News & Opinion | May 8, 2019 10:12 am

Australian Airline Launches Zero Garbage Flight, Produces No Landfill Waste

Qantas is on a mission to cut out plastic use on flights

zero garbage flight
Qantas has launched a new zero garbage flight initiative
Fabrizio Gandolfo/SOPA Images/LightRocket via Getty Images

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When it comes to cutting back on landfill waste, one airline is starting with the sky.

Australian carrier Qantas has trialled the world’s first ever flight to produce no plastic landfill waste, the Sydney Morning Herald reported. The new zero garbage flight initiative is part of the airline’s mission to cut out the use of 100 million plastic items from its planes this year.

According to the Herald, the airline currently produces around 34 kilograms of waste per flight, which equates to “80 fully-laden Boeing 747 jumbos” per year in waste.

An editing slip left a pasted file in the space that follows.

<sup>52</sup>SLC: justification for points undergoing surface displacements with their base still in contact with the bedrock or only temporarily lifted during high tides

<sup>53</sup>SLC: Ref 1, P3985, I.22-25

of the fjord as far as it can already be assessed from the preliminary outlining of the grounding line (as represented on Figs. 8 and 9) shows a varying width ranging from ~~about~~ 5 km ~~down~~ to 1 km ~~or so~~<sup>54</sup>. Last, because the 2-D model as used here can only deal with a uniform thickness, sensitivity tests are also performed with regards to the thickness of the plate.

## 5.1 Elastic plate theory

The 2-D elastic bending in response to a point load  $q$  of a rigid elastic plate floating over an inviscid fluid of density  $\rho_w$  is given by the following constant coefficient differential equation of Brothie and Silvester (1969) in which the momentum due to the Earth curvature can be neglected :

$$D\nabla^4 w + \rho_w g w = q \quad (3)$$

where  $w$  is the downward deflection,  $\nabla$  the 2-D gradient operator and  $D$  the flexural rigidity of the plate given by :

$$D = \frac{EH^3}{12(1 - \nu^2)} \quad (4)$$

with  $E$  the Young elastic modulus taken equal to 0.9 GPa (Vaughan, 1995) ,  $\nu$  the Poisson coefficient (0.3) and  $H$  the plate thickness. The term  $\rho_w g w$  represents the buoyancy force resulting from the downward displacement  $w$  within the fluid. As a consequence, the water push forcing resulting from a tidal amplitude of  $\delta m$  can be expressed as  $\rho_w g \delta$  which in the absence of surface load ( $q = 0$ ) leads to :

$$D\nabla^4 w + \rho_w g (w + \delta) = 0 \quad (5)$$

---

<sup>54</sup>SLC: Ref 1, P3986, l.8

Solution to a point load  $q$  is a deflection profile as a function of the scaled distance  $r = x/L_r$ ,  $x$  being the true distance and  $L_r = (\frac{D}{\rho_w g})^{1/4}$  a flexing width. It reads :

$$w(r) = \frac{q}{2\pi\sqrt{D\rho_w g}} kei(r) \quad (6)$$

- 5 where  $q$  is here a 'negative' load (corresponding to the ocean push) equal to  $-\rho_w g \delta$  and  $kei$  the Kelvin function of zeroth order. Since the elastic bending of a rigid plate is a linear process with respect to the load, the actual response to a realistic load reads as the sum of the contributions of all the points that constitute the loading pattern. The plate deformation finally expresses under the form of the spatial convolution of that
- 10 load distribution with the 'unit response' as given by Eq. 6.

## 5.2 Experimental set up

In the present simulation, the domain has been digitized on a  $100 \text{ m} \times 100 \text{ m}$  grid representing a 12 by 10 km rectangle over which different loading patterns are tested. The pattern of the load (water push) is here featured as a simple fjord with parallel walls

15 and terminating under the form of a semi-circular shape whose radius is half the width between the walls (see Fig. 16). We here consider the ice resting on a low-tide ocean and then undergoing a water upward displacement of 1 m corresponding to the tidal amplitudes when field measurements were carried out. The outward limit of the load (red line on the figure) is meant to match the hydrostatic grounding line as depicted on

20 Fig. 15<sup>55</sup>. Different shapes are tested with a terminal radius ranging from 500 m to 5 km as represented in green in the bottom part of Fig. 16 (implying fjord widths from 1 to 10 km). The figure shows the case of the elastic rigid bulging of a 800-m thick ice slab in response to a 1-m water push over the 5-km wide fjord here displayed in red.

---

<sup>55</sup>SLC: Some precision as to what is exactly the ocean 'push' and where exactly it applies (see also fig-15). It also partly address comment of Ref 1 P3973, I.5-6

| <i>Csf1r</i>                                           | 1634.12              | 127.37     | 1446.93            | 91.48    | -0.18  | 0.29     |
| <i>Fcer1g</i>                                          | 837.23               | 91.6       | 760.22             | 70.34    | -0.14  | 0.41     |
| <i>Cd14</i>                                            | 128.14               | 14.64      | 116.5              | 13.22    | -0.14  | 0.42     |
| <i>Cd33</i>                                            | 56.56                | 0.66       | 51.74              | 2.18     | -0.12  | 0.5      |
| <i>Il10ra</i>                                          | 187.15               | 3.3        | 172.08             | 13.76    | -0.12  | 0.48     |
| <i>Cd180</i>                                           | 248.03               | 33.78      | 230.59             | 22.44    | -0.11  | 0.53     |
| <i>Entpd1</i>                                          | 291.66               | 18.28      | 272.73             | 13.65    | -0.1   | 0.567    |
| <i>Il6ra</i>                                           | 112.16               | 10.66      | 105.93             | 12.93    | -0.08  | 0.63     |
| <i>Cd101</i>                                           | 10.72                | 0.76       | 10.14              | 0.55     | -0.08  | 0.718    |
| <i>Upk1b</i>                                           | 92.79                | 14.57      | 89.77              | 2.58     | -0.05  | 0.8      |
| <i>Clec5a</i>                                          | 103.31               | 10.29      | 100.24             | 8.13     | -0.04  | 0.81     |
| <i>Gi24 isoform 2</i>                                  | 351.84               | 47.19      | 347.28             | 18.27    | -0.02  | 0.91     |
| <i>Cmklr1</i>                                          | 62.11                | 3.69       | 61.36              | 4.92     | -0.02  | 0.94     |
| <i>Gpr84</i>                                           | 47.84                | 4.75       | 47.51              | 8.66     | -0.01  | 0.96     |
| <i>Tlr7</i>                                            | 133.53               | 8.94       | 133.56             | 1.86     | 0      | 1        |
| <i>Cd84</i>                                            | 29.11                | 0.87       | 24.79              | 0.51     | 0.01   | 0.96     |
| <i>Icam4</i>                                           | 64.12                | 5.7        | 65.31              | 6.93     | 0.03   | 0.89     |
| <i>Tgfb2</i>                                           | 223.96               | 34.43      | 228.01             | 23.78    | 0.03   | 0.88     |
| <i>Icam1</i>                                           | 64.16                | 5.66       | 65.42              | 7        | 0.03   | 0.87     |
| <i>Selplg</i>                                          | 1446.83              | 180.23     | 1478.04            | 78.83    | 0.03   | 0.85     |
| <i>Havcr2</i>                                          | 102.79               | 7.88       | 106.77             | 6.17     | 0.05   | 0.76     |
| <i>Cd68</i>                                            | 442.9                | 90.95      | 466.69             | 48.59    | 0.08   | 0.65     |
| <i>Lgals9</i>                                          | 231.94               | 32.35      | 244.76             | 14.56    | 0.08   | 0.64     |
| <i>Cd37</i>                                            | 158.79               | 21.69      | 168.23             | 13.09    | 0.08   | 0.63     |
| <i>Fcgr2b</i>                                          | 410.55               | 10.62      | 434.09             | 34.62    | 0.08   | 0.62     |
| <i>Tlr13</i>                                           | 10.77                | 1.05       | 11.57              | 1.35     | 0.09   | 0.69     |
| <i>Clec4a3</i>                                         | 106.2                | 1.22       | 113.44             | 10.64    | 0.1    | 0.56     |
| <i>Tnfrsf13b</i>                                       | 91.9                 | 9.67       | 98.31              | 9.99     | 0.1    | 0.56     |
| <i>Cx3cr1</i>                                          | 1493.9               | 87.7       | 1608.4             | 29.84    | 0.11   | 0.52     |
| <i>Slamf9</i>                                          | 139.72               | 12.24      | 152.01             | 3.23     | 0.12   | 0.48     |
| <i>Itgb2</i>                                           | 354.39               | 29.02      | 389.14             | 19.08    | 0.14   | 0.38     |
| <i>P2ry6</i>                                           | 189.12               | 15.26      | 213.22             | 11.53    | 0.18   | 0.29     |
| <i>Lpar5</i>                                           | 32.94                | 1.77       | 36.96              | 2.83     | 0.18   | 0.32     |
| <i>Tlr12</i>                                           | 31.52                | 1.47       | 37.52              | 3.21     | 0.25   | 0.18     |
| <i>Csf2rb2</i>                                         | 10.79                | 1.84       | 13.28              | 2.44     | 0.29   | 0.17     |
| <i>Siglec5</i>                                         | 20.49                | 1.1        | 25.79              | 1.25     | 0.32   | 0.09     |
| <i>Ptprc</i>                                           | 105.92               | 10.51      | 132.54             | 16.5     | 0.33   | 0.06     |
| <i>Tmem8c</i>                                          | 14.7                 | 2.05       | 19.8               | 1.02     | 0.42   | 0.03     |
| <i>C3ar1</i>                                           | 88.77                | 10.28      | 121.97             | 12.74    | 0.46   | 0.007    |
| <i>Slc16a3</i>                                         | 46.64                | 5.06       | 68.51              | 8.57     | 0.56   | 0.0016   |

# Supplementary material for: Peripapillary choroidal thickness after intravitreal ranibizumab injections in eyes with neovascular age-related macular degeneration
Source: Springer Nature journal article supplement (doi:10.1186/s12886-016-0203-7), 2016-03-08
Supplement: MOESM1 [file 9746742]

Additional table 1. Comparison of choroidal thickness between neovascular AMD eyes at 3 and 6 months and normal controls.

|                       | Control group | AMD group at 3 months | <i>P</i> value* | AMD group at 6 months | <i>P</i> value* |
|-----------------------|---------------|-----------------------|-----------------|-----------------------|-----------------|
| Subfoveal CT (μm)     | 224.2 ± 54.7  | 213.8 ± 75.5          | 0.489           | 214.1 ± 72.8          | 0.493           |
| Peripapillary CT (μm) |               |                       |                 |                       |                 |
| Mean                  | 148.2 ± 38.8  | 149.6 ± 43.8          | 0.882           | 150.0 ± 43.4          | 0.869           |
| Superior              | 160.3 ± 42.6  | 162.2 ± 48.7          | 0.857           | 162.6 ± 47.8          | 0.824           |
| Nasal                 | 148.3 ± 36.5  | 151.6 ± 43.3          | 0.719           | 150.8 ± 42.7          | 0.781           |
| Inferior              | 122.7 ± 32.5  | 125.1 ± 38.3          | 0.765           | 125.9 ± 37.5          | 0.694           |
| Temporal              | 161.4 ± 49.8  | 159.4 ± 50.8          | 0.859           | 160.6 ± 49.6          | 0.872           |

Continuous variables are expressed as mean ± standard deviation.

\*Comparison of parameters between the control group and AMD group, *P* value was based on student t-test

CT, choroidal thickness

“Our cabin crews see this waste every day and they want it eliminated and increasingly our shareholders are demanding we do more to address our environmental footprint,” Qantas CEO Andrew David told the outlet, adding that the trial flight marked a “significant day” for aviation.

On the flight, which left Sydney for Adelaide Wednesday morning, customers were served with a variety of sustainable items, including biodegradable meal containers made from sugar cane, cutlery made from crop starch, and paper cups.

After use, these biodegradable products will reportedly be used in farms and gardens as compost, while plastic and paper items will be recycled.

According to the David, the airline’s customers will not be affected by the cost of switching to biodegradable materials. “We are prepared to make this investment and over the long term it will reduce our costs,” he told the Herald. 

Meanwhile, customers who boarded the trial flight were reportedly satisfied with the changes. One passenger, who was not aware of the trial prior to boarding, told the outlet she noticed no change to the regular service.

“I think it is on the average Australian’s mind how much goes into landfill,” she said. “The biodegradable packets are a really good idea.”